The iPhone was released in 2007 and by the end of 2019, 81% of U.S. adults owned a Smartphone. Consider the implications. 81% of U.S. adults can look up what something means, the date when something happened, or the mathematical formula they need for calculating a solution – and they can do that with a device they carry with them all the time. 81% of adults carry a calculator, a dictionary, and a search engine for articles, books, and journals on them all the time. 61% of adults turn to YouTube when they want to learn how to do something they have not done before and, increasingly, they watch that video with the device they carry in their hands.

Changing Technology, Changing Curriculum

At a recent campus workshop, I asked the participants how their curriculum had changed to account for this incredible technological change that took place in the last decade. A couple brave souls in the audience replied:

  • Smartphones can be used as polling devices.
  • We can use Smartphones to conduct research in the classroom.
  • We use Smartphones to check in students for clinical hours.

And then I asked the question again with a slightly different emphasis: How has your curriculum changed to account for the existence of Smartphones in the world? This was followed by silence.

Most of our course objectives and learning objectives were designed more than a decade ago, when we could still say things like “you need to know this because it will take time to go look it up.” The reality is that today, if I want to be 100% sure that I know the steps of a complex procedure, that a formula is written down correctly, or that I’ve cited a fact correctly, I do take the approximately 5 seconds required to look it up. That information is at my fingertips and the Internet is a more reliable source of facts than my memory.

We are preparing students to be professionals in their fields and citizens of the world and that world is now one where information is no longer scarce in the way it was 20 or 30 years ago. If I went back in time to visit an academic scholar in 1990 and I gave them access to 2020 technology and taught them how to use it, do you think they would adopt the technology to improve their professional life or reject it in favor of making phone calls, sending letters, and acquiring books (with a card catalog) to find information? The Smartphone is an incredible technological advancement and it’s time we start making appropriate modifications.

Consider this an opportunity to teach faculty that it’s not necessary to test everything at a high-stakes level anymore. Some content and skills are absolutely necessary to commit to memory (high-stakes assessment with scarce resources). Other information can be accessed so easily and is not used as often – in this case, it might only be necessary for a student to demonstrate that they can use the information or demonstrate skills in a supported way (using the Internet as a resource, accessing video tutorials, etc.). Finally, there is probably some content we should just leave behind – some things we teach simply out of habit because we have been teaching them for a century or more. Ask yourself if these topics are actually used or needed in the modern world. What better things could you include in curriculum if there was a little bit of room to breathe.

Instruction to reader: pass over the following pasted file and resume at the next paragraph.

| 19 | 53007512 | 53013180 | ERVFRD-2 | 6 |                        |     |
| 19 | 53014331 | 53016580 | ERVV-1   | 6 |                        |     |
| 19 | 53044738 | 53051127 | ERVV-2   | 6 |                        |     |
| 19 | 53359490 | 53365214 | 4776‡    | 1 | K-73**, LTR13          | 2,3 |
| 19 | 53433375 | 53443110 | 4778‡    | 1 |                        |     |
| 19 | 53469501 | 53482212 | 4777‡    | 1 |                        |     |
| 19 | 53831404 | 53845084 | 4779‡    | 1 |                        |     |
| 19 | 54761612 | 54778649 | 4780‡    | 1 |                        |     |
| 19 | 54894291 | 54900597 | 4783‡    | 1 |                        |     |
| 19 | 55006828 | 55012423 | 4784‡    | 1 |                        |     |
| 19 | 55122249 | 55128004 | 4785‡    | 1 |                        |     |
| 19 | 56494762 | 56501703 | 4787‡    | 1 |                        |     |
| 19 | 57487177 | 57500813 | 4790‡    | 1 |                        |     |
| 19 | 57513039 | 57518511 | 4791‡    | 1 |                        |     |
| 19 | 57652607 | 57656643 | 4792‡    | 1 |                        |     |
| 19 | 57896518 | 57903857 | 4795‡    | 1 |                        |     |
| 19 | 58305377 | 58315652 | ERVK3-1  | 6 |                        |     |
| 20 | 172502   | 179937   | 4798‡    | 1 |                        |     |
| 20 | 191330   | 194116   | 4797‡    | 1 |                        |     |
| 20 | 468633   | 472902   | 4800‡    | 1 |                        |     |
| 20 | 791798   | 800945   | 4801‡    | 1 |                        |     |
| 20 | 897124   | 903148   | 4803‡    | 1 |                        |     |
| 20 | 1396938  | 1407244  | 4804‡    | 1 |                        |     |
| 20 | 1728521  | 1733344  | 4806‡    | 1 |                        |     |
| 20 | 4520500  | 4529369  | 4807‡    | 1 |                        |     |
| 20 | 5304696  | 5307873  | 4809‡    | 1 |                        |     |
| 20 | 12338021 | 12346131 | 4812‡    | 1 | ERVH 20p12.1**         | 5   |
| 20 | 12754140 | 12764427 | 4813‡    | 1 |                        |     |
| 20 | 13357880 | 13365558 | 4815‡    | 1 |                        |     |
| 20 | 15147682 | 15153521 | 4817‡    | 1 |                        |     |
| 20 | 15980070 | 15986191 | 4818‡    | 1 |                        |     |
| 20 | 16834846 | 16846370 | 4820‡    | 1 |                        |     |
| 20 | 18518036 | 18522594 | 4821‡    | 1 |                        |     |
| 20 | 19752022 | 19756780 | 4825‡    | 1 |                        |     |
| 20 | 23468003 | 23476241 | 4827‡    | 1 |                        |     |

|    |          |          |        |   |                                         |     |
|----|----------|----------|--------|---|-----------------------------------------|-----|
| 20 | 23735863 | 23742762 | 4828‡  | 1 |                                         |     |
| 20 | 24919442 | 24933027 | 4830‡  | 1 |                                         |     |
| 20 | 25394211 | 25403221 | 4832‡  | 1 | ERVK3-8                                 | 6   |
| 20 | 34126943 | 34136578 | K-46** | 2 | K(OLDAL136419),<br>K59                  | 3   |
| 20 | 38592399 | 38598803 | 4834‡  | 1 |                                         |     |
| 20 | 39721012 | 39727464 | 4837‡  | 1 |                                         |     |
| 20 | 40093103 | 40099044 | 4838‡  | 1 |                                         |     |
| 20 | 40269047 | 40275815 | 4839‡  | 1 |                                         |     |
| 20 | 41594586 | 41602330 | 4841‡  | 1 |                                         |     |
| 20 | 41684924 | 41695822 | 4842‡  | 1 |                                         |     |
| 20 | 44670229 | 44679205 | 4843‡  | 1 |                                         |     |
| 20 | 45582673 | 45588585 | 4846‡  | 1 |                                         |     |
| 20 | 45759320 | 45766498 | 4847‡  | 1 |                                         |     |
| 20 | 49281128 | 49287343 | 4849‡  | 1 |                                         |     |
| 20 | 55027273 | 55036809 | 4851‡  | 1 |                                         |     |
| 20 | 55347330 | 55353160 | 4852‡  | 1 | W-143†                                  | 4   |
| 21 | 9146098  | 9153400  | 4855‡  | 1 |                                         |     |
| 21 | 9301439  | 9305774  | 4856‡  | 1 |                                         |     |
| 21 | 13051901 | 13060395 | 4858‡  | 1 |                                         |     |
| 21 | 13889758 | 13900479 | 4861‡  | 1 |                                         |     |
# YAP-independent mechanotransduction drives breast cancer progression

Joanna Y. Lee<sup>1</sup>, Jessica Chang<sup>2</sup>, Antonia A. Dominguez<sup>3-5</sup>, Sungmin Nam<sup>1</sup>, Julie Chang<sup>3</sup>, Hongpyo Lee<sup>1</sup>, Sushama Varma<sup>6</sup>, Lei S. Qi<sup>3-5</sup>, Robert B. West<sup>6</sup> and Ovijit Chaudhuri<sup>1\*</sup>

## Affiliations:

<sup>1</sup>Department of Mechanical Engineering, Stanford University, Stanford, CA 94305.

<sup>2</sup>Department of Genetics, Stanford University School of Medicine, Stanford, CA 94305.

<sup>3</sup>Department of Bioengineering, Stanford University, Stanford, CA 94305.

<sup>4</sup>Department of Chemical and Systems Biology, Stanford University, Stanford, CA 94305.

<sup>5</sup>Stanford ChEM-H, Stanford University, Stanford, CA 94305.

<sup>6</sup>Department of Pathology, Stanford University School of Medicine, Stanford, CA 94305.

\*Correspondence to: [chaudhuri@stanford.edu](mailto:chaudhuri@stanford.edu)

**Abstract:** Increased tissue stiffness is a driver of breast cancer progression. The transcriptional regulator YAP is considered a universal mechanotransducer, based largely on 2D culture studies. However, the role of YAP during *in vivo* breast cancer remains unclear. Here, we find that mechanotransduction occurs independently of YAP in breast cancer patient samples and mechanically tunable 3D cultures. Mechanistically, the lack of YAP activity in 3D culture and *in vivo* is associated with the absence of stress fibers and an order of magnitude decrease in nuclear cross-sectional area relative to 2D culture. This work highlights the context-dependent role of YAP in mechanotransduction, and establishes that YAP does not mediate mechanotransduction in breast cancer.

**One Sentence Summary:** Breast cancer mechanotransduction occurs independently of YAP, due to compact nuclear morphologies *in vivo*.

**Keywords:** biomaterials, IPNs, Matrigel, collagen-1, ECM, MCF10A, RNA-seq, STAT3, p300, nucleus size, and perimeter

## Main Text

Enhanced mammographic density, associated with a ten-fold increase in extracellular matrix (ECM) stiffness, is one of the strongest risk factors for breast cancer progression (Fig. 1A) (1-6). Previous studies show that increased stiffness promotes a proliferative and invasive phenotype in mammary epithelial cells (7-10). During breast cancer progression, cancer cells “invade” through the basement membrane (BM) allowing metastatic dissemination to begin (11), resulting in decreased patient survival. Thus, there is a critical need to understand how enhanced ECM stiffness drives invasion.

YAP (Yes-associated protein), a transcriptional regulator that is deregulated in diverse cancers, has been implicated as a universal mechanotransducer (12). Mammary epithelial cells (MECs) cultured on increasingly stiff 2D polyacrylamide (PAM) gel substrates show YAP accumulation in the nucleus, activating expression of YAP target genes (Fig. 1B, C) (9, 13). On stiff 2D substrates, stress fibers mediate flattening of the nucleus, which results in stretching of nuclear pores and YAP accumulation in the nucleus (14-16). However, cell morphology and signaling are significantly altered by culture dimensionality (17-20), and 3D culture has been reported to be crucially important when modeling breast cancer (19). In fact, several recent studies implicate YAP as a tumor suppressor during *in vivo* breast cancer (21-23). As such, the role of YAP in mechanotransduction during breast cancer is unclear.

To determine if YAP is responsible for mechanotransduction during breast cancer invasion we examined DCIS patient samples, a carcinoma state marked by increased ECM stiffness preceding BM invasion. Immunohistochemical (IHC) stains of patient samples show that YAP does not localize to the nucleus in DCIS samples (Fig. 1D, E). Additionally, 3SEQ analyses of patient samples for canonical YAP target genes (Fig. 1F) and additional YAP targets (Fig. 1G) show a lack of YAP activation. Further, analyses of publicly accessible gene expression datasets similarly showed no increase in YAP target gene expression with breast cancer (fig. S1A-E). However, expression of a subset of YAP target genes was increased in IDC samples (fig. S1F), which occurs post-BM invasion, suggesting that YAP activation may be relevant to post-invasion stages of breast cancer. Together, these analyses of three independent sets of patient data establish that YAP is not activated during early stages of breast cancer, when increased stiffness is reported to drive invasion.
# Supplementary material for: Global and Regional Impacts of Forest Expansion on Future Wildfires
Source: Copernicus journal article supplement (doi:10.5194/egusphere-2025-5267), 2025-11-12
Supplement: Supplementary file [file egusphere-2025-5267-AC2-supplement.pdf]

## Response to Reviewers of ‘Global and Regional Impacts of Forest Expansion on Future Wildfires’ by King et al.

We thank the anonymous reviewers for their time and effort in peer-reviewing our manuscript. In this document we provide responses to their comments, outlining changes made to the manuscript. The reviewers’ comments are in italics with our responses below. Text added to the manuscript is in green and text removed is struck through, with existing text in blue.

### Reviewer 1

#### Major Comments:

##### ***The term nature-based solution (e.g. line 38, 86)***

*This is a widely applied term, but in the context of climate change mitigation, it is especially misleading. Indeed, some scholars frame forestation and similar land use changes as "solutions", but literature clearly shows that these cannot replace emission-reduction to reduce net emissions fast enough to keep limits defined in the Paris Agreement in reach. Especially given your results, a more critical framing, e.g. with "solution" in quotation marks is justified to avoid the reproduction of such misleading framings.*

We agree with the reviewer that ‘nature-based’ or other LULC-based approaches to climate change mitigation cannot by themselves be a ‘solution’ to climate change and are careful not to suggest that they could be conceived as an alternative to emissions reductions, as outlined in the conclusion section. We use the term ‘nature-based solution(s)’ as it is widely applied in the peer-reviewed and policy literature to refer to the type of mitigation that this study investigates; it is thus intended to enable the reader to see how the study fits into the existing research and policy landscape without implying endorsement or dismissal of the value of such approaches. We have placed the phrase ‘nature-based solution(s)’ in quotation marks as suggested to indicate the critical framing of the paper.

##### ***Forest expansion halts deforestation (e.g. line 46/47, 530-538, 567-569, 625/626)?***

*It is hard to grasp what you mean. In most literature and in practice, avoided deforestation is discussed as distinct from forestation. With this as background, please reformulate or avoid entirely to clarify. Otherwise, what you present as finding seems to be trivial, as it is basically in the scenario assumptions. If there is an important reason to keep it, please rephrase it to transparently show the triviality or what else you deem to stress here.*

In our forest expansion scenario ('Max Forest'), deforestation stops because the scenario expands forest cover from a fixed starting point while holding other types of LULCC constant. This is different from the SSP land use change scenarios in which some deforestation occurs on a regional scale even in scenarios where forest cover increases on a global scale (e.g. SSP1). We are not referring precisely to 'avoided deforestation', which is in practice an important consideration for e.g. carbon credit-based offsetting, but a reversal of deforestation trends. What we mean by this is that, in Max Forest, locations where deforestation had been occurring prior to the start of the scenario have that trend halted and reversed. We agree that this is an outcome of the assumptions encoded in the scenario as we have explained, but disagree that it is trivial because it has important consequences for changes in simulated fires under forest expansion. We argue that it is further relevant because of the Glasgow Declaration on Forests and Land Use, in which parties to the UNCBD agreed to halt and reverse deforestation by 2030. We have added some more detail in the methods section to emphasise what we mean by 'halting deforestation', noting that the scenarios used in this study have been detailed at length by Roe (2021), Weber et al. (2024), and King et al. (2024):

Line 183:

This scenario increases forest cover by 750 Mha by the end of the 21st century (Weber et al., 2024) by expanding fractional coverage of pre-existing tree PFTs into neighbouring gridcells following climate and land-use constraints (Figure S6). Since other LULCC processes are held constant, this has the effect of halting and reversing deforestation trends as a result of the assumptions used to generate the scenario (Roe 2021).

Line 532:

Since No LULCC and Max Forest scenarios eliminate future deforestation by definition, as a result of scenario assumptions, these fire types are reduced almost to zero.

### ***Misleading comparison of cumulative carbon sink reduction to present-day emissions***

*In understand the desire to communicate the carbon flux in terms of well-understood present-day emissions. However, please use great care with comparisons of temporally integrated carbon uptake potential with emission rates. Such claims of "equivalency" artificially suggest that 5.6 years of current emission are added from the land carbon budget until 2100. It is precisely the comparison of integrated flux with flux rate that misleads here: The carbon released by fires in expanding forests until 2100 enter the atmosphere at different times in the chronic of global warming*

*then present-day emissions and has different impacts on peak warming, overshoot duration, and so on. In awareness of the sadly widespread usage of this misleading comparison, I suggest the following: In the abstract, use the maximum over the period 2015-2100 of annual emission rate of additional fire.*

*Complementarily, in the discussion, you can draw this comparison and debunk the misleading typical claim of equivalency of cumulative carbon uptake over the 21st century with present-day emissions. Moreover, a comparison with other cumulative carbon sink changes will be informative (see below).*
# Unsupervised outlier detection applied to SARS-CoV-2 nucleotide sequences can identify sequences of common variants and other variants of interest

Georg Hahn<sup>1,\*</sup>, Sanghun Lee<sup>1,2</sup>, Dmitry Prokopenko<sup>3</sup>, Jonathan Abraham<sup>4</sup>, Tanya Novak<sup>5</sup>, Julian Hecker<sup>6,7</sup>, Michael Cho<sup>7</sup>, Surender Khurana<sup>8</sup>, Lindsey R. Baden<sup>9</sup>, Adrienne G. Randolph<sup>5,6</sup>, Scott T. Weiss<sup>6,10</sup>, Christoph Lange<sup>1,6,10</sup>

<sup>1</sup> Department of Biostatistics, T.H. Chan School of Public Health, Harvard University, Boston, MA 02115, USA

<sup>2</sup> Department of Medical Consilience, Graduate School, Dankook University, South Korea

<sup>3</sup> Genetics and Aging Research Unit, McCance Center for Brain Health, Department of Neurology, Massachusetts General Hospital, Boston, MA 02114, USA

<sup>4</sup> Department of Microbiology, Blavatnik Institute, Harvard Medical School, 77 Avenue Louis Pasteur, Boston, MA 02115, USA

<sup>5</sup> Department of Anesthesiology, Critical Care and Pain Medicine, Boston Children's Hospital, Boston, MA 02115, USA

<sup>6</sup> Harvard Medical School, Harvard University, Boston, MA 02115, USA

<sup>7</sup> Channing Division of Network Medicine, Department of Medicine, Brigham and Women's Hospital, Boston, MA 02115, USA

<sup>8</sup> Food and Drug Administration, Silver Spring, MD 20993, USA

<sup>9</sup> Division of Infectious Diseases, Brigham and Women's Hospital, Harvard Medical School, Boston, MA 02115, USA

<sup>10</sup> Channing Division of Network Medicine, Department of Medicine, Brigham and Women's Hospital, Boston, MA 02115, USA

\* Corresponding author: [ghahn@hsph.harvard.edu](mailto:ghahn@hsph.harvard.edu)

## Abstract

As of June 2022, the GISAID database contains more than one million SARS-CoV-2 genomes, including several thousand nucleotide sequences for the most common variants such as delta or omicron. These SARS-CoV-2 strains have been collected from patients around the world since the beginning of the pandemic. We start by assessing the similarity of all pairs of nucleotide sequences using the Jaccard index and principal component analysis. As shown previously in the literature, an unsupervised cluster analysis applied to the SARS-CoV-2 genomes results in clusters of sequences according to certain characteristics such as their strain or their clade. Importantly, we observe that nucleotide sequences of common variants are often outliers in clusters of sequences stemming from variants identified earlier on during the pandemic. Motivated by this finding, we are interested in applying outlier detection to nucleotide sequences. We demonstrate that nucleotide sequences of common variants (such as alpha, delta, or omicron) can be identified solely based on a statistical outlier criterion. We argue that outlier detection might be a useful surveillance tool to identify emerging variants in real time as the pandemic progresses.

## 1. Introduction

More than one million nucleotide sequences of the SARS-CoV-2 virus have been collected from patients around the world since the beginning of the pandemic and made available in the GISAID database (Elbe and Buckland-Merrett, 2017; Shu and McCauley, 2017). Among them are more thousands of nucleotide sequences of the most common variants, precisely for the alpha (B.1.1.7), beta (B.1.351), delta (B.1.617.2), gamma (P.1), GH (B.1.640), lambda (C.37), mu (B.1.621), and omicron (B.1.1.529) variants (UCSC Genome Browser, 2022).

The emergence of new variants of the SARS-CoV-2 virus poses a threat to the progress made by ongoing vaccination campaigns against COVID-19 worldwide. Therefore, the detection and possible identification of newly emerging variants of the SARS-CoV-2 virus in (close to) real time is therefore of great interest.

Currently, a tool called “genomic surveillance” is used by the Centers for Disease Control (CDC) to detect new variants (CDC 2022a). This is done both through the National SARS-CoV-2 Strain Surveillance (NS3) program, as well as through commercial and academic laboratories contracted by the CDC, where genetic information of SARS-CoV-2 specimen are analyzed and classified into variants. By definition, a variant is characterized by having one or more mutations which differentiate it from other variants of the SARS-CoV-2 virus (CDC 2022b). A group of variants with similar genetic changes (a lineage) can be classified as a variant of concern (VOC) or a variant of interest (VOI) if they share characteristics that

A New Way to Examine Curriculum: the ESIL Lens

To make this process of sorting out what needs to stay and how deeply it needs to be learned, you can examine your curriculum through what I call the ESIL Lens.

  • Maybe it is only necessary for the learner to know something Exists – just a mention in class and no assessment.
  • The next level up would be Supported – the student should be able to perform the skill supported with resources that are easy to access. For supported topics you can use assessment strategies like take-home problem sets, projects, or recorded demonstrations.
  • If the student needs to be able to use the knowledge or demonstrate the skills readily in the next course (it’s part of a scaffolded learning process), you’ll want to bring them to an Independent level, assessing multiple times with both formative and summative strategies with at least one high-stakes assessment.
  • Finally, there is the Lifelong level. If a student needs to carry this skill or knowledge into their role as a citizen or into their career, we should make sure that these skills or knowledge are covered in multiple courses and assessed cumulatively and in multiple ways.

I would be remiss if I didn’t point out that there is more to do than just alter the course objectives and learning objectives from the past. We also need to consider what processes in daily life and careers have changed because of Smartphones. It’s likely that there are new ways of doing, analyzing, and researching that need to be added to our curriculum. Without doing the ESIL Lens work to make space, you’re not going to be able to include the modern ways of engaging.

Take a Deeper Dive

There’s a lot to unpack about using the ESIL Lens, and I invite you to take a deeper dive by listening to the Teaching in Higher Ed podcast on A New Lens to Support Learning Outcomes. In this episode, I discussed how to use the ESIL Lens to support learner outcomes.  And maybe it’s time to schedule that heart-to-heart department meeting where you begin to answer the question: How does our curriculum need to change to account for the existence of Smartphones in the world? 

This blog post was originally published on the WCET blog Jan 28, 2020.

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